Turn the head around — focus on the department. Do not be locked into assessing the legal standard for the event. The law is about the liability and culpability; performance and training oversight are about a department’s duty to the public. We want a department’s duty to the public.

Turn the head around —focus on the department. When we are thinking about prior behavior, what are we not thinking about? Prior bad behavior has no bearing on the public’s concern on whether a department put competent agents in the streets. For that matter, it has no bearing on the department’s concern either.

We have to develop new muscle memory here, so turn the head around. Bad performance is not always a manifestation of bad supervision, but bad supervision always manifests through bad performance. Let the system handle the officers, you handle the bosses. Start with looking at what a department puts in the streets, not what happens once it gets there.


The public can afford to be even more vigilant about demanding a department “fix or fire.”

First, we can amplify this series by putting it in front of the people in our individual communities who can move this, or who must answer the Fix or Fire Five:

1. How do your officers apply the department’s policies and training?
2. How do their first-line supervisors assess how officers apply those policies and that training?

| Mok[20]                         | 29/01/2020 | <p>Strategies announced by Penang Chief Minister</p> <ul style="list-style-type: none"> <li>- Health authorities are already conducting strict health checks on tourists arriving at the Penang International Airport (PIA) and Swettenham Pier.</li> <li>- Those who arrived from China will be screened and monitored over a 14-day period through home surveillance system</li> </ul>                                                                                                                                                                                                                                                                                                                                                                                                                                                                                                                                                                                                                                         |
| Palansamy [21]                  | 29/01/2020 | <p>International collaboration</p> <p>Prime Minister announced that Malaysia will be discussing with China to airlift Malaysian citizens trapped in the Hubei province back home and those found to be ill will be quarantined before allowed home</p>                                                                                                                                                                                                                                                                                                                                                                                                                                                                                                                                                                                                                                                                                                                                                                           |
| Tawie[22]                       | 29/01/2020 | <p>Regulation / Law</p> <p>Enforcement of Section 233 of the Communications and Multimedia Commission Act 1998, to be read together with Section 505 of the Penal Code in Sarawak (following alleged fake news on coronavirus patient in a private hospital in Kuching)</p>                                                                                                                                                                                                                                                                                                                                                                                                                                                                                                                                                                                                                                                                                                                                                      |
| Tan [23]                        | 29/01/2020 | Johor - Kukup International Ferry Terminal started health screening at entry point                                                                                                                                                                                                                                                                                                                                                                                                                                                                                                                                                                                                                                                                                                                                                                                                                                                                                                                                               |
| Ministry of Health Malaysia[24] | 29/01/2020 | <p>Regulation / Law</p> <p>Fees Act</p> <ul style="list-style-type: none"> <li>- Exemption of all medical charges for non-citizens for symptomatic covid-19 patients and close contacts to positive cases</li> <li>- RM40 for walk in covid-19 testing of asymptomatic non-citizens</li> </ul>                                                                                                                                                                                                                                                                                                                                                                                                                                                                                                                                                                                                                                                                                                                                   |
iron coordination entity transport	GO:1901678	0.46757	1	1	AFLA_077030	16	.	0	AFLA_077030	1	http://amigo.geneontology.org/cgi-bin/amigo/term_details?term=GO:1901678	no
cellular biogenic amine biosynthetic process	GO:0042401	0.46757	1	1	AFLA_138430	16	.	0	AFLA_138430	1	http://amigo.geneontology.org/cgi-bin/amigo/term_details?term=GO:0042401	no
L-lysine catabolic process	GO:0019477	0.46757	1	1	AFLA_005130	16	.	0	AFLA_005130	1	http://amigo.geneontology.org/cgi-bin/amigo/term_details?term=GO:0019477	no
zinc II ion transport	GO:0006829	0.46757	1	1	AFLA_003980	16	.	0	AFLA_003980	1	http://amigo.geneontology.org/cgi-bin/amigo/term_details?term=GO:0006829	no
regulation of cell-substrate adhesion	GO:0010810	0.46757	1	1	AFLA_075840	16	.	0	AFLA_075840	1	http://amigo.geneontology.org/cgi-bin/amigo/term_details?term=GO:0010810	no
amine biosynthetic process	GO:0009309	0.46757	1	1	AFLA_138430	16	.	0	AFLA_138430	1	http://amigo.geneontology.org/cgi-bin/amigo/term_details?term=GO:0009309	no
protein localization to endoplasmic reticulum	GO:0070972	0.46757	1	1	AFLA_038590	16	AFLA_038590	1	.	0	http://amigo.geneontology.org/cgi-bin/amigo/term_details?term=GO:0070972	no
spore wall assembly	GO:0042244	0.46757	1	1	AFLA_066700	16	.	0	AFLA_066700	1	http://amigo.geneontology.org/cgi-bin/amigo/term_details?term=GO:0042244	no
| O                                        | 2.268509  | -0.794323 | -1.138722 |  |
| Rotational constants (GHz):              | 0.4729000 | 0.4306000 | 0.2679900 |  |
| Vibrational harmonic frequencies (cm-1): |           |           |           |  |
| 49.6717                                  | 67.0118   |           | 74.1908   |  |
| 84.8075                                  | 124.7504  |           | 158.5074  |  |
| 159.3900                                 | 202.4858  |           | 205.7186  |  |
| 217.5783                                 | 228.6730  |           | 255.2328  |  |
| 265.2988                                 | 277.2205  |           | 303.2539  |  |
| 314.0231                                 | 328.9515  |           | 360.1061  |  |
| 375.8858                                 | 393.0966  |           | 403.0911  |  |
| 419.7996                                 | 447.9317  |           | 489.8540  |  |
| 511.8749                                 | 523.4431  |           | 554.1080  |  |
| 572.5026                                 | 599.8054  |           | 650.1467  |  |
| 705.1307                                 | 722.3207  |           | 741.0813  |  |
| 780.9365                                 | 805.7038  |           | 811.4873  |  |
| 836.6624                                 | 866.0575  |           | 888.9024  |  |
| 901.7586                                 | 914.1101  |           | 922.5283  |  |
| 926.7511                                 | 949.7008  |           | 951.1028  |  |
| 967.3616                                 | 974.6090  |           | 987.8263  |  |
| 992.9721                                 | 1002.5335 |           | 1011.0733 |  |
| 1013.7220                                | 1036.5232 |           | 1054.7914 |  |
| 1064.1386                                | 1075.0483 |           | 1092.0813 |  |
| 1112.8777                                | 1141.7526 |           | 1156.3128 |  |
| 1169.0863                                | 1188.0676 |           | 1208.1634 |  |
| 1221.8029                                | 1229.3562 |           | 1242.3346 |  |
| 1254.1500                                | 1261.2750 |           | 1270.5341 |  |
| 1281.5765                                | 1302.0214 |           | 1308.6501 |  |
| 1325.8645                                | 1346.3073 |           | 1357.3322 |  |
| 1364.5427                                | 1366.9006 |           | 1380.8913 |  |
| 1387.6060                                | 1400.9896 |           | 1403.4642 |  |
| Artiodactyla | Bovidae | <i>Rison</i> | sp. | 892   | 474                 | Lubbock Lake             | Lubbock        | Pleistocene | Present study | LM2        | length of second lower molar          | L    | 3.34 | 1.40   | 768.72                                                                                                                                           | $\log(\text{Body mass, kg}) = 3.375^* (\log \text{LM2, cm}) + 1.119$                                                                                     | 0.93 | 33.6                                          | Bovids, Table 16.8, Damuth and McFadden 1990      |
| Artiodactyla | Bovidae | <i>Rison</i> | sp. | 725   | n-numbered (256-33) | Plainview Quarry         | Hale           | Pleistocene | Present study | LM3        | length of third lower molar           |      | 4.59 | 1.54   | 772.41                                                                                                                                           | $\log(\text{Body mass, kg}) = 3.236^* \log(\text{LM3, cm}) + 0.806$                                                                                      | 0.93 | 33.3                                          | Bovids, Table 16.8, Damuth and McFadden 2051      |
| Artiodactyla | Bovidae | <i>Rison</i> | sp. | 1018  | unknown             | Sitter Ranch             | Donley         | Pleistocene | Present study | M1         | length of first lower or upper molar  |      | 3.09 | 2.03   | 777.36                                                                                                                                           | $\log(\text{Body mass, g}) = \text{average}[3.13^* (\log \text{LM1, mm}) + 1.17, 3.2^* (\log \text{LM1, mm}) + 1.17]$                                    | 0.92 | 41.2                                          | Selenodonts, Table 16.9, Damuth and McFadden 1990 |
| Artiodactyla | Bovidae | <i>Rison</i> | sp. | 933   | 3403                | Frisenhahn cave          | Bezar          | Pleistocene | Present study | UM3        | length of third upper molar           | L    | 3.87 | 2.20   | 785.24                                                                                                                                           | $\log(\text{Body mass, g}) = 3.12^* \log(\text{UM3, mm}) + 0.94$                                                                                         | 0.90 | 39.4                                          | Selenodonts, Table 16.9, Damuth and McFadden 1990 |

3. How are any defects documented and disciplined?
4. How do senior supervisors assess their subordinate supervisors?
5. How are any subordinate supervisor defects documented and disciplined?

That includes, for example, your local mayor, police chief, media member, community member, outreach organization, police unions, civil rights agencies, activist churches, or representatives in local, state and federal government.

Next, file a complaint with a police department every single time you witness or are involved in an event where policing is unjust. File even though others will file as well — the more the better. File regardless of whether the event is big or small. You are doing what is called “creating a record” or paper trail of problems to take “we did not know” off of a police department’s list of defenses. You are also giving leadership a path to supervisors whose performance they may have to one day review.

There is no excuse. If you have a phone, you can make a WRITTEN complaint. If you cannot get information on the official report method, send an email. Include the time and date and street and description of the event.